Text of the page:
QSense OIST Mini-Symposium Talk 1: "Diamond spin qubits: quantum sensing and photoelectric readout
Speaker: Prof Fedor Jelezko, Institute for Quantum Optics, Universität Ulm
Diamond spin qubits: quantum sensing and photoelectric readout
(QSense OIST Mini Symposium Talk 1)
A particularly interesting application of diamond based quantum sensing is the detection of nuclear magnetic resonance on nanometer scales, including the detection of individual nuclear spins or small ensembles of external nuclear spins. Single nitrogen vacancy (NV) color centers in diamond currently have sufficient sensitivity for detecting single external nuclear spins and resolve their position within a few angstroms. The ability to bring the sensor close to biomolecules by implantation of single NV centers and attachment of proteins to the surface of diamond enabled the first proof of principle demonstration of proteins labeled by paramagnetic markers and label-free detection of the signal from a single protein. Single-molecule nuclear magnetic resonance (NMR) experiments open the way towards unraveling dynamics and structure of single biomolecules. However, for that purpose, NV magnetometers must reach spectral resolutions comparable to that of conventional solution state NMR. New techniques for this purpose including technique that employs quantum entanglement and machine learning will be discussed. Most of mentioned above results obtained so far with diamond centers are based on optical detection of single NV color centers. Recently it was shown that photoelectrical detection of NV centers base on spin selective photoionization can provide robust and efficient access to spin state of individual color center.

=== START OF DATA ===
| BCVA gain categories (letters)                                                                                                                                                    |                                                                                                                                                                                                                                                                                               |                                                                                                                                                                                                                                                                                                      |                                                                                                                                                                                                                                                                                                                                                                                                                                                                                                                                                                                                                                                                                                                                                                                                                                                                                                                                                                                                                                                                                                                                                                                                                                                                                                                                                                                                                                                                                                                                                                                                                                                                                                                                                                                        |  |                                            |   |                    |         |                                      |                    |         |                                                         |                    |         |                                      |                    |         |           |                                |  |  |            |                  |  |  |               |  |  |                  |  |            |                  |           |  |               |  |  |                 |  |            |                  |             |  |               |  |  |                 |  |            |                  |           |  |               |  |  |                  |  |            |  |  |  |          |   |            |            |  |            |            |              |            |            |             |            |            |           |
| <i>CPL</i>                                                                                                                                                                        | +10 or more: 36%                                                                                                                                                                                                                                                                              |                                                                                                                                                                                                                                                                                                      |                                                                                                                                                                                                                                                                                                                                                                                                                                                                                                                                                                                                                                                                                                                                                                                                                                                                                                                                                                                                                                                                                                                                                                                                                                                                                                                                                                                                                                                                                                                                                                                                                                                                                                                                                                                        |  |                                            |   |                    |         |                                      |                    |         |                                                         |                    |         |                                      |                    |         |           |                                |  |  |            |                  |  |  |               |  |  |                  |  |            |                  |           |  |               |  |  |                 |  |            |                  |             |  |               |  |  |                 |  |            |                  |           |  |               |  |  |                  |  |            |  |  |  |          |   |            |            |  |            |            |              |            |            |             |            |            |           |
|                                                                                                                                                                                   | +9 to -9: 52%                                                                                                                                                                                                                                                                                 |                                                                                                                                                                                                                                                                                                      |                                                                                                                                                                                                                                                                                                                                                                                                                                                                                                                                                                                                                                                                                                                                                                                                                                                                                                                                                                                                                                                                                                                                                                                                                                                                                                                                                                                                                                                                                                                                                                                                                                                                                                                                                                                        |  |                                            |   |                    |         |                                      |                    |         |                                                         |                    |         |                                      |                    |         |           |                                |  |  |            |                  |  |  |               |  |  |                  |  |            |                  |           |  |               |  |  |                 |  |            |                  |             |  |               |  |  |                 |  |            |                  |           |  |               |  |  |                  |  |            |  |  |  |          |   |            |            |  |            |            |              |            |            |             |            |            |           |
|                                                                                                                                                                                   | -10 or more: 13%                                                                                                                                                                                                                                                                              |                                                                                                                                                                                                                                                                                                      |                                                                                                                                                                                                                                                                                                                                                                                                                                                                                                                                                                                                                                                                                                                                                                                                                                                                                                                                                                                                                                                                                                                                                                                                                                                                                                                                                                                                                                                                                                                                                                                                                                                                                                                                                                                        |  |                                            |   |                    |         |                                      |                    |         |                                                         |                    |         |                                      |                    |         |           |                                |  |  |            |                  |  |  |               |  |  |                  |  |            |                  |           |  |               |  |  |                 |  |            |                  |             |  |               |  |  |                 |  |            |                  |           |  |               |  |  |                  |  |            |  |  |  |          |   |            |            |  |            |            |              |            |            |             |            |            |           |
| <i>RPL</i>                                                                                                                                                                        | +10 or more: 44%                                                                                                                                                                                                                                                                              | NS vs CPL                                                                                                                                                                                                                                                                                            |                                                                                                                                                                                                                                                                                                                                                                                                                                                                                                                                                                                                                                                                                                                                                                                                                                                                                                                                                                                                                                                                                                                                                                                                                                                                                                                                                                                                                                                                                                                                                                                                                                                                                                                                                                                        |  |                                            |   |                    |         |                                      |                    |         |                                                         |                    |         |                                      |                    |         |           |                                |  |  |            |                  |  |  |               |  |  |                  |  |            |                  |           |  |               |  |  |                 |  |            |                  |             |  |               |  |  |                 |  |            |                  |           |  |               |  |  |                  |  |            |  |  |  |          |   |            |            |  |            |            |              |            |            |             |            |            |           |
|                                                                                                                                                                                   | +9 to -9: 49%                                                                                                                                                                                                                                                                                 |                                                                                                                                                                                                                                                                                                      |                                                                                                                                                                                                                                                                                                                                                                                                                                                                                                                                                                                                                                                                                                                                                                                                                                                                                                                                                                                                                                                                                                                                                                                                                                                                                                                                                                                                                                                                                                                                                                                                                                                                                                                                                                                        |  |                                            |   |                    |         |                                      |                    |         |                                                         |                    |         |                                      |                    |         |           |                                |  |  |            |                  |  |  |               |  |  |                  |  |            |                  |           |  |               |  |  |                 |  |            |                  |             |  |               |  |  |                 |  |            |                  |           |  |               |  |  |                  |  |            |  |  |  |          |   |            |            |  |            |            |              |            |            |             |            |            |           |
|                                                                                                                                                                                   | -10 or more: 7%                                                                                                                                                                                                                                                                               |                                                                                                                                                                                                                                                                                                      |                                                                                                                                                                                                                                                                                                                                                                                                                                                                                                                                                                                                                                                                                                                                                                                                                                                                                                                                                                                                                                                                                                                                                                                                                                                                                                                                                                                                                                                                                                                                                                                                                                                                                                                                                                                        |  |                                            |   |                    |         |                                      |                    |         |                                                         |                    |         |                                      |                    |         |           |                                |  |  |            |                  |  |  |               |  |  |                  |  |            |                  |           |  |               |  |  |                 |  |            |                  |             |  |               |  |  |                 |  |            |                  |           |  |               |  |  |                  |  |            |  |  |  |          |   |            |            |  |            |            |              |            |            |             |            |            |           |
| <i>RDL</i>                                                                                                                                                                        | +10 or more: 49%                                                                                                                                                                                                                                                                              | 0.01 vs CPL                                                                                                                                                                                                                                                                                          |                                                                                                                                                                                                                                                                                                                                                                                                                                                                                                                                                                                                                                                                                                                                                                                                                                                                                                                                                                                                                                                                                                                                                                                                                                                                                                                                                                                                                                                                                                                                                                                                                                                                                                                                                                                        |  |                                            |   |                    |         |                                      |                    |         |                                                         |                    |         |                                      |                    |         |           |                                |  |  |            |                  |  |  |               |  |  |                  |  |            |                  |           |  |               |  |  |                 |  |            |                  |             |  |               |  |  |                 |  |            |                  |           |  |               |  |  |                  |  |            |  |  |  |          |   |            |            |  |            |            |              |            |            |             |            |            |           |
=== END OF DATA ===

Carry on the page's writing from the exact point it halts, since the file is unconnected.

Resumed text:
OIST Mini-Symposium for Quantum Sensors of Magnetic and Inertial Forces
This mini-symposium is hosted by the Quantum Machines Unit in the Okinawa Institute of Science and Technology Graduate University, and will take place from Feb 1, 2021 - March 5, 2021. To get the precise schedule and zoom invitation please register below. Attendance is open to any student/faculty member from any of the institutions associated with the speakers.
Quantum systems are extremely fragile, sensitive to noise and fluctuations by their environments. This, in turn, makes them excellent sensors for a variety of forces and fields. In this mini-symposium we focus on the development of novel quantum sensors which are aimed at the precision sensing of inertial forces such as acceleration or gravity, and magnetic forces.
Such sensors - accelerometers/gravimeters or magnetometers, have a widespread application in industry such as sensing underground water movements using gravimeters, through to magnetic brain imaging using magnetoencephelography. Each week we hear from three international experts on these topics in hour-long seminars and discussions.
For more information, visit the QSense website.